There’s almost constant talk about the gentrification of London in the press and what that means for its established small businesses. Studios, workshops, barbers and quality off-licences (imagine!) are disappearing at an alarming rate across the city with blocks of unimaginative flats popping up in their place. But it’s often easy to forget that these changes affect real people who have been plying their trade for decades in these recently gentrified areas.
In this week’s fourth film from the 32LDN project we meet Rod and Lloyd, two of the men at the heart of London’s Terminal Studios, a recording sanctuary that’s played host to the likes of Rihanna, Labrinth, Foals, The XX and even Rolf Harris, but has still had to relocate due to the capital’s rocketing rents. Far from being depressing though, this is a portrait of an establishment with impressive heritage making the jump to something altogether bigger and better.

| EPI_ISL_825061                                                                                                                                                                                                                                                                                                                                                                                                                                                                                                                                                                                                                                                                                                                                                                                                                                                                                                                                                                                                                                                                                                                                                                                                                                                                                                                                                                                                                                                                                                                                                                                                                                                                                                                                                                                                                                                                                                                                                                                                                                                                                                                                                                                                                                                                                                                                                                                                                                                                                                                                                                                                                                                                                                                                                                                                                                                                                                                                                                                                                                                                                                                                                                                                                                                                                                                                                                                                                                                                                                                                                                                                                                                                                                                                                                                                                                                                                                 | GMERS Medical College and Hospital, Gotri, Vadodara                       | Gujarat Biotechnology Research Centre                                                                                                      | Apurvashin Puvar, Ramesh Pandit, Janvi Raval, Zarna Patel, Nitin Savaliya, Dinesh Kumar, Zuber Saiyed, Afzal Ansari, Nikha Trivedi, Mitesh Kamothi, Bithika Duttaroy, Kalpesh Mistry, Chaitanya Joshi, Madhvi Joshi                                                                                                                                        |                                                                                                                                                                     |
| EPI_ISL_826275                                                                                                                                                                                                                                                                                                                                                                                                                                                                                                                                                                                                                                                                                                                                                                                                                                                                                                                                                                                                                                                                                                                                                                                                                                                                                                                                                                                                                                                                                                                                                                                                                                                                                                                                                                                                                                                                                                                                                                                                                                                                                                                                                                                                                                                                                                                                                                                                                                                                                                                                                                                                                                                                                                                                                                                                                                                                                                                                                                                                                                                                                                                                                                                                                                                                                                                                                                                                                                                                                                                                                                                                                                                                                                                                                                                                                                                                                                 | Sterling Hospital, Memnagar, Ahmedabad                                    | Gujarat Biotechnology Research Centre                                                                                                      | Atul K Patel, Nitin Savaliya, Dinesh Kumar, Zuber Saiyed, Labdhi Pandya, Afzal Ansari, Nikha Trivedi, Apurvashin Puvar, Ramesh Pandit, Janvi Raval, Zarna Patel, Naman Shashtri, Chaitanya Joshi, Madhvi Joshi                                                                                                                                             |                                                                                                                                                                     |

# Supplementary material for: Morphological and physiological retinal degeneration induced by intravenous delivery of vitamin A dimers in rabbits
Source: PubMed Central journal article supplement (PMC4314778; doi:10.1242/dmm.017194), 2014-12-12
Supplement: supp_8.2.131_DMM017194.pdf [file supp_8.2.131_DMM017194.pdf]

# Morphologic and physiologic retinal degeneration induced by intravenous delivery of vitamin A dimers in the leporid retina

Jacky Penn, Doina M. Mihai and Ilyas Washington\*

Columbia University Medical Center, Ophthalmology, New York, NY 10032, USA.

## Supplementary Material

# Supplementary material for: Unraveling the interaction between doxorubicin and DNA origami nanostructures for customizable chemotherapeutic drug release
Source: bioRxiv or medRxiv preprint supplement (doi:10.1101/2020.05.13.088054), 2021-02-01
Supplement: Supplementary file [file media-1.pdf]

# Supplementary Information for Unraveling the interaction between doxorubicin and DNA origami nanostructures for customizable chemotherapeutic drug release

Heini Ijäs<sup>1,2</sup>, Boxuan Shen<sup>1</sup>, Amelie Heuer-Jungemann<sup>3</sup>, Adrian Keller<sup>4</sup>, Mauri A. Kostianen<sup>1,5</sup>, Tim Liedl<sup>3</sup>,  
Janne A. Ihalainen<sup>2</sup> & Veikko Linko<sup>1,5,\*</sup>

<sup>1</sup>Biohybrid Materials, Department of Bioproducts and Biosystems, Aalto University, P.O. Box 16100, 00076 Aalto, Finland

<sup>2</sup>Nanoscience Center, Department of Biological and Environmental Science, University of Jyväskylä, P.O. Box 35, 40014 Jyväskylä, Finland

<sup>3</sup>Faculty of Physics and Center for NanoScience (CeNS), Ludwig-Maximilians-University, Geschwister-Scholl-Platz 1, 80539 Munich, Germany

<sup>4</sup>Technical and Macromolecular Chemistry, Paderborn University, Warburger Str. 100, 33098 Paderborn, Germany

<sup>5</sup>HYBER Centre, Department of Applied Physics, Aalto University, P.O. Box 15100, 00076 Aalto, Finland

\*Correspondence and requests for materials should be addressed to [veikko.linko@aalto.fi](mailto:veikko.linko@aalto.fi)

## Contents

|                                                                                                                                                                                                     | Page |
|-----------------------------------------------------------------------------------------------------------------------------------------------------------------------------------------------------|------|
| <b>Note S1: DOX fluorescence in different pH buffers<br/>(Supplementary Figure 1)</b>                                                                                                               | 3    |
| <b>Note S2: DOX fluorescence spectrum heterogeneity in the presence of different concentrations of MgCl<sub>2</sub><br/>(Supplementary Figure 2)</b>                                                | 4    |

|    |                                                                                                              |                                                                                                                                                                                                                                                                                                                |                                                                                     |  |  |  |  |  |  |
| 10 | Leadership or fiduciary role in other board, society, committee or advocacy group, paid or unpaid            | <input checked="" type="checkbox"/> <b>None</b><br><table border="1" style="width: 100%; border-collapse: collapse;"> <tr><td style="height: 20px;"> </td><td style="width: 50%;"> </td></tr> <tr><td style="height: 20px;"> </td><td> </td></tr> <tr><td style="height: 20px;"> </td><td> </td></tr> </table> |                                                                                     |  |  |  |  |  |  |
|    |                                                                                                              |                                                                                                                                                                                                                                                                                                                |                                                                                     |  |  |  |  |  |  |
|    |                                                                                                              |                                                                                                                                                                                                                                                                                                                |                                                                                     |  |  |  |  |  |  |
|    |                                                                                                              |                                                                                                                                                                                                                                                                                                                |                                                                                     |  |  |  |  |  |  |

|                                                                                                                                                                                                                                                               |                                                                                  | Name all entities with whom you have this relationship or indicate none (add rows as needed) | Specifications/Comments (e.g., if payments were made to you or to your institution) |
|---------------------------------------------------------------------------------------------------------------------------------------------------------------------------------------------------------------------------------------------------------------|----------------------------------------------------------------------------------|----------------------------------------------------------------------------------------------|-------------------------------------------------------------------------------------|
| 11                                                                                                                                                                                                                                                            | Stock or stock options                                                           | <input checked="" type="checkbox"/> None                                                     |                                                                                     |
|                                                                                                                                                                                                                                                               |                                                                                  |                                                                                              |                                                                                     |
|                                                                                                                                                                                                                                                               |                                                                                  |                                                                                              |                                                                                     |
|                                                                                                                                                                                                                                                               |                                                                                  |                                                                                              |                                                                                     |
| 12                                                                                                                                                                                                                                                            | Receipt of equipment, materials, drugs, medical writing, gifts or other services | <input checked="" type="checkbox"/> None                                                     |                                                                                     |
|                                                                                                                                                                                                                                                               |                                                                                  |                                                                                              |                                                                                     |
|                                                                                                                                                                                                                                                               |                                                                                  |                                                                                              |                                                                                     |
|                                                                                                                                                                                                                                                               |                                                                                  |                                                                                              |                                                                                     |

- Camelot’s typefaces bring both the contemporary and historical to the table
- Scott Newett’s eerily quiet, ethereal portraits of Chinese utopia
- Jade Schulz’s atmospheric and imaginative editorial illustrations
- Emiliano Granado’s new zine puts a fresh spin on Tour de France fandom
- The big cover up: Mathieu Tremblin's translations of graffiti
- Artist Howard Fonda captures the vibrancy of summer for Ace & Tate
- Benedict Redgrove’s beautifully hypnotic film about how a tennis ball is created
- Tommy Cash subverts the tropes of rap videos with a fleshy celebration of the human body (NSFW)
- Ian Davis’ picturesque paintings of bureaucratic dystopia
- Is it ever OK to work for free?
- Pentagram unveils refresh of Mastercard’s brand mark and identity
- Peter Saville and Tate Design Studio create beer can artwork for Switch House pale ale